Swedish Research Council, K2009-69P-21298-01-4Swedish Research Council, K2009-69X-21299-01-1Swedish Research Council, K2009-69P-21298-04-4Swedish Research Council, K2014-99X-22610-01-6Forte, Swedish Research Council for Health, Working Life and WelfareVårdal FoundationThe Dementia Association - The National Association for the Rights of the DementedVästerbotten County Council
Available from: 2019-06-03 Created: 2019-06-03 Last updated: 2019-08-06Bibliographically approved
Toots, A., Taylor, M., Lord, S. & Close, J. (2019). The relationship between cognitive domain function and gait speed in community-dwelling older people with cognitive impairment. Paper presented at ANZSGM 2019 - The Australian and New Zealand Society for Geriatric Medicine Annual Scientific Meeting 2019 “Geriatric Medicine ‐ Best care to the end”, Adelaide, Australia, May 13th-15th, 2019.. Australasian Journal on Ageing, 38, 29-29
Open this publication in new window or tab >>The relationship between cognitive domain function and gait speed in community-dwelling older people with cognitive impairment
2019 (English)In: Australasian Journal on Ageing, ISSN 1440-6381, E-ISSN 1741-6612, Vol. 38, p. 29-29Article in journal, Meeting abstract (Other academic) Published
Place, publisher, year, edition, pages
John Wiley & Sons, 2019
National Category
Geriatrics
Identifiers
urn:nbn:se:umu:diva-159612 (URN)000467859100044 ()
Conference
ANZSGM 2019 - The Australian and New Zealand Society for Geriatric Medicine Annual Scientific Meeting 2019 “Geriatric Medicine ‐ Best care to the end”, Adelaide, Australia, May 13th-15th, 2019.
Note

Special Issue. Oral Presentations, OR27.

Available from: 2019-06-17 Created: 2019-06-17 Last updated: 2019-06-17Bibliographically approved
Nordström, P., Toots, A., Gustafson, Y., Thorngren, K.-G., Hommel, A. & Nordström, A. (2017). Bisphosphonate Use After Hip Fracture in Older Adults: A Nationwide Retrospective Cohort Study. Journal of the American Medical Directors Association, 18(6), 515-521
Open this publication in new window or tab >>Bisphosphonate Use After Hip Fracture in Older Adults: A Nationwide Retrospective Cohort Study
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2017 (English)In: Journal of the American Medical Directors Association, ISSN 1525-8610, E-ISSN 1538-9375, Vol. 18, no 6, p. 515-521Article in journal (Refereed) Published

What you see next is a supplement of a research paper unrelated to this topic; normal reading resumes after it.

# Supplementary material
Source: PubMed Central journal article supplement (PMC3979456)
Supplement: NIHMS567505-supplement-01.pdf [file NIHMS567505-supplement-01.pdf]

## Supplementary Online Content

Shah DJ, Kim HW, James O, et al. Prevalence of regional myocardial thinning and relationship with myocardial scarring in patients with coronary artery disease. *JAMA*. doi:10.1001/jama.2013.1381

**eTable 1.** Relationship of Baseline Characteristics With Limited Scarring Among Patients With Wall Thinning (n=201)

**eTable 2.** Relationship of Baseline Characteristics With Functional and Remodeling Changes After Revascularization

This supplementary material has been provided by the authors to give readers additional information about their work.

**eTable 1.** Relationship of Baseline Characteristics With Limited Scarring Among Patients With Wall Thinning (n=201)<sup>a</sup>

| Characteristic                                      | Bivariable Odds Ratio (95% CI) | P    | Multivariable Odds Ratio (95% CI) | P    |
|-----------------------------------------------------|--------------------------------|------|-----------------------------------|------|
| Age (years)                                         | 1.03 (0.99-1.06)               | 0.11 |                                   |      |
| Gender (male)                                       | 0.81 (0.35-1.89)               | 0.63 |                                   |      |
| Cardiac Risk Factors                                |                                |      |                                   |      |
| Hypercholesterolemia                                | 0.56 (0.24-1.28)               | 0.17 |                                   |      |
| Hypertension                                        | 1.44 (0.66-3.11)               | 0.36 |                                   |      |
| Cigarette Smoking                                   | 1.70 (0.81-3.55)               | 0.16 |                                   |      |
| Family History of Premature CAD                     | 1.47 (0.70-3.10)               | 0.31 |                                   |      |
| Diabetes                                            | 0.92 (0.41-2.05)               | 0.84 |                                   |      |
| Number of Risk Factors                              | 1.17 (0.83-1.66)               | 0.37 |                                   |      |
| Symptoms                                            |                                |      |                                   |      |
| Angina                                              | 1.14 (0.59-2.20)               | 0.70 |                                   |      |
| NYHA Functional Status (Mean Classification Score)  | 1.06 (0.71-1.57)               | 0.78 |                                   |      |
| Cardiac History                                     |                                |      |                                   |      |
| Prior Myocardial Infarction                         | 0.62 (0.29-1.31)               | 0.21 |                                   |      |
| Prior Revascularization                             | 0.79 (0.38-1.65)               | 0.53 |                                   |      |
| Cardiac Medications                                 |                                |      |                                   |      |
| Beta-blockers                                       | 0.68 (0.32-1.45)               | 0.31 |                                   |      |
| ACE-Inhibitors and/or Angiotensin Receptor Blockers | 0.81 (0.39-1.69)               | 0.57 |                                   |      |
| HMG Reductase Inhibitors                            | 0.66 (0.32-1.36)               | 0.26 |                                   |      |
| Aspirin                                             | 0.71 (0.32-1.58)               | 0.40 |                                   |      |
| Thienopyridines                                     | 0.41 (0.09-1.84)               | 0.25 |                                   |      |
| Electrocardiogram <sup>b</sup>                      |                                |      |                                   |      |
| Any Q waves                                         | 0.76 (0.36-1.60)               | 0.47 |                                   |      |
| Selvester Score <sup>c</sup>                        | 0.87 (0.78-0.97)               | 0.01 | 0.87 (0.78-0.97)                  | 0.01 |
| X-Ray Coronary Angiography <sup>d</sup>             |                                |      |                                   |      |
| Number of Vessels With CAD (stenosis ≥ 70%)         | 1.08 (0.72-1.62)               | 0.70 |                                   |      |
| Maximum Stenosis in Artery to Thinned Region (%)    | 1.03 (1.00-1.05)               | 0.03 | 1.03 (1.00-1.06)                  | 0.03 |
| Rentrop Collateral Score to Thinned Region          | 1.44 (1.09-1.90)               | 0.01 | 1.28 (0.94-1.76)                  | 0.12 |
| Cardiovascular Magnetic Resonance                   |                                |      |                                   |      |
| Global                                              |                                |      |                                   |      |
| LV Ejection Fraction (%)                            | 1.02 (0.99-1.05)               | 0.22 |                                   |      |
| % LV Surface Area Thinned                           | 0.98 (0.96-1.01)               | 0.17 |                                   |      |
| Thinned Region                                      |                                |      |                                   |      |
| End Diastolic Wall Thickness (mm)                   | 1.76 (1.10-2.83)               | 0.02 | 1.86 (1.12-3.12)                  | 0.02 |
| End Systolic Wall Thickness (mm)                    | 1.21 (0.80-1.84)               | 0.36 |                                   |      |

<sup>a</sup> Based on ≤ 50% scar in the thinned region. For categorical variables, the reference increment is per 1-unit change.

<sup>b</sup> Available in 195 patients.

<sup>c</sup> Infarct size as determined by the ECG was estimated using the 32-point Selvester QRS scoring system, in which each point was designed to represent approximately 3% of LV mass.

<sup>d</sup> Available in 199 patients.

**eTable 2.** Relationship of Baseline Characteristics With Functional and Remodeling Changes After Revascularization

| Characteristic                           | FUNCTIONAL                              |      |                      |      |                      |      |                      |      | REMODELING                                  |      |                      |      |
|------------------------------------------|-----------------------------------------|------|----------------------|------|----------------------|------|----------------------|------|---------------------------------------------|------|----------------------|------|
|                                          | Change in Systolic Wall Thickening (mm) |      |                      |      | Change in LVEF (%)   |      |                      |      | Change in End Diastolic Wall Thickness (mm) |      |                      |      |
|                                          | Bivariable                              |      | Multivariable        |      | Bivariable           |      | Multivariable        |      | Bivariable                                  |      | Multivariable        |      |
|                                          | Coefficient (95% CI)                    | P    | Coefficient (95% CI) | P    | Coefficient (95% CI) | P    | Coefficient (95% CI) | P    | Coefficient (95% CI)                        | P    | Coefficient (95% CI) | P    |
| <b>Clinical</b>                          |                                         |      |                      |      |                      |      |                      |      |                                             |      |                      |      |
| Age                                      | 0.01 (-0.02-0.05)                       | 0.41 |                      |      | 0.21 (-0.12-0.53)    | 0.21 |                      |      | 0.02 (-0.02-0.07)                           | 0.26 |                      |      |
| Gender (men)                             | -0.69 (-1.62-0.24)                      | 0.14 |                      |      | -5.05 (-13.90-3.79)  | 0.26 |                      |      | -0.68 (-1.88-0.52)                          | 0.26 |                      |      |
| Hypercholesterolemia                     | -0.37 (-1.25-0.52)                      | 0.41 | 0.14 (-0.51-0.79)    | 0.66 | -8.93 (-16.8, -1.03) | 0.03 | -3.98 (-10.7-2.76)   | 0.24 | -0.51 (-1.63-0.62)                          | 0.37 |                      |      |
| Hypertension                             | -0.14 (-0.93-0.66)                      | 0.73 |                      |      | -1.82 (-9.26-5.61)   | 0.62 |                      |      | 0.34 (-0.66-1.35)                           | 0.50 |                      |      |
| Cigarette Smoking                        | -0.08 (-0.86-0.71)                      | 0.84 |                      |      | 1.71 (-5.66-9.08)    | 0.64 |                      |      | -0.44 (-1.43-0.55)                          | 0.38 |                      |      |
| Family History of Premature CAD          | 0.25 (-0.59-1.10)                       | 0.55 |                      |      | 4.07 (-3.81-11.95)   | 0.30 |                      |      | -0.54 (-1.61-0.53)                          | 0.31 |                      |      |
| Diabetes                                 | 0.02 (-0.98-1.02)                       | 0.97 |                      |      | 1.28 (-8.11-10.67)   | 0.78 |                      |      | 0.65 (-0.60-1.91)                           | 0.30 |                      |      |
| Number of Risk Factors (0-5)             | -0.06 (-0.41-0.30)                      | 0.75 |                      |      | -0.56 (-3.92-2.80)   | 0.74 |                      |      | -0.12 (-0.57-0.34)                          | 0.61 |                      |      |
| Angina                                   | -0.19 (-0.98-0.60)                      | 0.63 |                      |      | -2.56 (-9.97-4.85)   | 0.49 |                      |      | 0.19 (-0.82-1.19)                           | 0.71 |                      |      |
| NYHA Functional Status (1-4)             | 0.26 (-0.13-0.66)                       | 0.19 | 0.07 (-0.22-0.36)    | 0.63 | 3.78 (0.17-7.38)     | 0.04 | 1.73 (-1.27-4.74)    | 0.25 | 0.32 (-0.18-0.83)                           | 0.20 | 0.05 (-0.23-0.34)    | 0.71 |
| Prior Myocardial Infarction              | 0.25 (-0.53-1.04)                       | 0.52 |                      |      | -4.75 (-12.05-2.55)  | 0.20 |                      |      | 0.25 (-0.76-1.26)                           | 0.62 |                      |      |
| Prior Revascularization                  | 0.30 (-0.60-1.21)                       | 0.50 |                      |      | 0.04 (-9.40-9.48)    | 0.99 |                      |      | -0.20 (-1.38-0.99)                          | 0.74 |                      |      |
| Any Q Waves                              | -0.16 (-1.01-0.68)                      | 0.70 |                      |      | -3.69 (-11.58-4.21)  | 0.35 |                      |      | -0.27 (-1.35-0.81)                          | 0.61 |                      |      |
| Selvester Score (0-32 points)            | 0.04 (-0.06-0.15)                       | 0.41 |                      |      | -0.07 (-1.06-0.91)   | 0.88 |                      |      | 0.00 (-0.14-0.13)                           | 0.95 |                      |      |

Abstract [en]

OBJECTIVES: The aim of this study was to investigate the association between bisphosphonate use and the risk of new fracture in a nationwide cohort of individuals with previous hip fractures, with emphasis on individuals above 80 years of age.

DESIGN, SETTING, AND PARTICIPANTS: From a nationwide cohort with hip fracture (2006-2012) (n = 93, 601), each individual prescribed bisphosphonates after hip fracture (n = 5845) was matched with up to three individuals not prescribed bisphosphonates, resulting in a cohort of 21,363 individuals.

MAIN OUTCOME MEASURE: A new hip fracture.

RESULTS: During a mean follow-up period of 2.98 (range, 0.02-8) years, 4581 fractures occurred in the cohort. Before the initiation of bisphosphonate therapy, individuals later prescribed bisphosphonates had an increased risk of hip fracture (multivariable adjusted odds ratio [OR], 2.63; 95% confidence interval [CI], 2.23-3.24) compared with controls. In the period after bisphosphonate therapy initiation, individuals prescribed bisphosphonates had a lower risk of hip fracture (multivariable adjusted hazard ratio [HR], 0.76; 95% CI, 0.65-0.90) compared with controls. Similar effects were seen after the initiation of bisphosphonates in individuals aged more than 80 years (HR, 0.79; 95% CI, 0.62-0.99). In contrast, the initiation of bisphosphonate therapy did not influence the risk of injurious falls not resulting in fracture (HR, 0.95; 95% CI, 0.86-1.05).

CONCLUSION: Bisphosphonate use was associated with a decreased risk of hip fracture in this nationwide cohort of older men and women, with similar risk reductions in individuals older than 80 years.

Keywords
Hip fractures, bisphosphonates, cohort study, older individuals
National Category
Orthopaedics
Identifiers
urn:nbn:se:umu:diva-134010 (URN)10.1016/j.jamda.2016.12.083 (DOI)000402431200009 ()28238673 (PubMedID)
Available from: 2017-04-25 Created: 2017-04-25 Last updated: 2018-06-09Bibliographically approved
Johansson, H., Lundin-Olsson, L., Littbrand, H., Gustafson, Y., Rosendahl, E. & Toots, A. (2017). Cognitive function and walking velocity in people with dementia: a comparison of backward and forward walking. Gait & Posture, 58, 481-486